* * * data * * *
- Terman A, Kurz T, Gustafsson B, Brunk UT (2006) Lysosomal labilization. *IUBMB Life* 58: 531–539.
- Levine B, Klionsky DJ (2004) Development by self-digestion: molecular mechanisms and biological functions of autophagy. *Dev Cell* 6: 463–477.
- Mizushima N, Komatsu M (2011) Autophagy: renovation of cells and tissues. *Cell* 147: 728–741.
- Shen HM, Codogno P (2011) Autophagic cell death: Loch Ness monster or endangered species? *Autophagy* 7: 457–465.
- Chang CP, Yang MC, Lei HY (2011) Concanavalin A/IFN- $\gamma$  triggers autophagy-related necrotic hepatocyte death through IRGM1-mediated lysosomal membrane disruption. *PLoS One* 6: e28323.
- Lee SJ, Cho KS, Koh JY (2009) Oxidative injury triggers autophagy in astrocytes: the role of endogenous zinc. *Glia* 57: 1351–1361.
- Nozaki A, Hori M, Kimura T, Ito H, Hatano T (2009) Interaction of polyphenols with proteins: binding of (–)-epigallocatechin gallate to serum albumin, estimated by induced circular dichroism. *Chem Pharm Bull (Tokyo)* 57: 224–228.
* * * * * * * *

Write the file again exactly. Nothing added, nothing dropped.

- Terman A, Kurz T, Gustafsson B, Brunk UT (2006) Lysosomal labilization. *IUBMB Life* 58: 531–539.
- Levine B, Klionsky DJ (2004) Development by self-digestion: molecular mechanisms and biological functions of autophagy. *Dev Cell* 6: 463–477.
- Mizushima N, Komatsu M (2011) Autophagy: renovation of cells and tissues. *Cell* 147: 728–741.
- Shen HM, Codogno P (2011) Autophagic cell death: Loch Ness monster or endangered species? *Autophagy* 7: 457–465.
- Chang CP, Yang MC, Lei HY (2011) Concanavalin A/IFN- $\gamma$  triggers autophagy-related necrotic hepatocyte death through IRGM1-mediated lysosomal membrane disruption. *PLoS One* 6: e28323.
- Lee SJ, Cho KS, Koh JY (2009) Oxidative injury triggers autophagy in astrocytes: the role of endogenous zinc. *Glia* 57: 1351–1361.
- Nozaki A, Hori M, Kimura T, Ito H, Hatano T (2009) Interaction of polyphenols with proteins: binding of (–)-epigallocatechin gallate to serum albumin, estimated by induced circular dichroism. *Chem Pharm Bull (Tokyo)* 57: 224–228.